The opinion of the court was delivered by: SONIA SOTOMAYOR
Plaintiffs Dow Jones & Company, Inc. ("Dow Jones") and Robert L. Bartley ("Bartley") seek disclosure, pursuant to the Freedom of Information Act ("FOIA"), 5 U.S.C. § 552, of two reports, one prepared by the United States Park Police (the "Park Police") and the other by the Federal Bureau of Investigation (the "FBI"), concerning the death of former deputy White House Counsel Vincent W. Foster, and a photocopy of a torn-up note (the "Note") , apparently written by Foster, and found in his briefcase several days after his death. The Department of Justice ("DOJ") has refused to release portions of the Reports or copies of the Note, maintaining that 5 U.S.C. §§ 552(b)(7)(A) & 552(b)(7)(C) exempt them from disclosure. Plaintiffs move, pursuant to Fed. R. Civ. P. 56, for partial summary judgment enjoining DOJ from withholding the requested documents on the ground that DOJ waived the claimed exemptions. DOJ cross-moves for summary judgment dismissing the complaint. For the reasons discussed below, plaintiffs' motion is denied in part and granted in part, and defendant's motion is granted in part and denied in part.
The relevant facts, set forth in a joint Statement of Stipulated Facts, dated April 18, 1994, are not in dispute. On or about July 20, 1993, then deputy White House counsel Vincent W. Foster was found dead in Fort Marcy Park, McLean, Virginia. The Park Police began an investigation into the circumstances of Foster's death. A week after Foster's death, the White House announced that a torn-up note had been retrieved from Mr. Foster's briefcase, and the following day the FBI commenced an investigation into the discovery and handling of the Note.
A. The DOJ Press Conference
At a press conference held on August 10, 1993 (the "Press Conference"), the then Deputy Attorney General announced that the Park Police and the FBI had provided him with completed reports (the "Reports") of their respective investigations. The Chief of the Park Police, Robert Langston, and the Special Agent in charge of the FBI's Washington, D.C. field office, Robert Bryant, who had both read all or part of their agencies' respective Reports, acted as agency spokespersons and discussed the investigations and the conclusions reached. Among the information disclosed at the Press Conference was that:
1. based on the condition of the scene, the medical examiner's findings and information gathered during its investigation, the Park Police had concluded that Mr. Foster's death was a suicide;
2. the FBI had completed its investigation into the handling of the Note and determined that nothing illegal or improper had occurred;
3. the White House Counsel's office had conducted the initial search of Mr. Foster's office and set aside its initial invocation of the executive privilege after discussions with DOJ, ostensibly prompted by discussions between the Park Police and DOJ about the privilege issue;
4. there were no fingerprints on the Note when it was turned over to the FBI, only a smudged palm print, and the Park Police could not determine who had torn up the Note;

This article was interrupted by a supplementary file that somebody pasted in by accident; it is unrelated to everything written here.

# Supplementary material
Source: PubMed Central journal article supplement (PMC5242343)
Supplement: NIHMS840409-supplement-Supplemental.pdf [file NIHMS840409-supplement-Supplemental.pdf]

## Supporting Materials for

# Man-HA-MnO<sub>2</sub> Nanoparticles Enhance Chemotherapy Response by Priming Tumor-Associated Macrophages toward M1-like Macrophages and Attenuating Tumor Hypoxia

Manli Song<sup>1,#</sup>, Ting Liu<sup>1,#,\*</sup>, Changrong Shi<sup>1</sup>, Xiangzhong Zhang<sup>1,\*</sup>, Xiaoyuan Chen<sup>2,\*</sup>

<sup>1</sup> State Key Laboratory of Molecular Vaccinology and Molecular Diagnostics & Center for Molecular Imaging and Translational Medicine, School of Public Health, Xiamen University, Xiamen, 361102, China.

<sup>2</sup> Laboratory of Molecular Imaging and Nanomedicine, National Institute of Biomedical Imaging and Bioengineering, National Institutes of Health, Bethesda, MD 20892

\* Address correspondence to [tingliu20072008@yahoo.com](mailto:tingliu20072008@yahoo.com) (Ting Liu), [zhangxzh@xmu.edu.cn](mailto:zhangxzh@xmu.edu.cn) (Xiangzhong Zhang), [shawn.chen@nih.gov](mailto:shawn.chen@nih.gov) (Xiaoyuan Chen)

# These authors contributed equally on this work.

5. Mr. Foster's widow told investigators that she had advised her husband to write a list of issues that had been troubling him;
6. only one gun was found near Mr. Foster's body, and members of the Foster family told investigators they believed the gun to be Mr. Foster's;
7. Mr. Foster had spoken with a doctor about depression, and anti-depressant medication had been prescribed, but investigators were unaware of any particular incident that might have prompted Mr. Foster to commit suicide.
Noting that the press "m[ight] want to see [the Note] so that [they] could describe what it looks like," the Deputy Attorney General informed the audience that Carl Stern of DOJ would "have a copy available and anyone who wanted to see it was welcome to see it." Transcript at 1. Thereafter, members of the media inspected the Note in Mr. Stern's office; plaintiff Bartley viewed the Note in October 1993.
Prior to concluding the Press Conference, Mr. Stern stated that media members who wanted to obtain copies of the Reports should submit FOIA requests to DOJ. DOJ received plaintiffs' request (the "FOIA Request") for the Reports on August 18, 1993.
B. Appointment of Independent Counsel Fiske
On January 20, 1994, Attorney General Janet Reno appointed Robert Fiske independent counsel (the "Independent Counsel") to investigate whether any individuals or entities had violated any federal laws relating in any way to the President or Mrs. Clinton's relationship to Madison Guaranty Savings & Loan, Whitewater Development Corporation or Capital Management Services. The Independent Counsel was also authorized to investigate and prosecute any other violations of federal criminal law "developed during" his investigation of the above matters "and connected with or arising out of that investigation," any violations of 28 U.S.C. § 1826, and any obstruction of justice or false testimony in connection therewith. Under this authority, the Independent Counsel's ...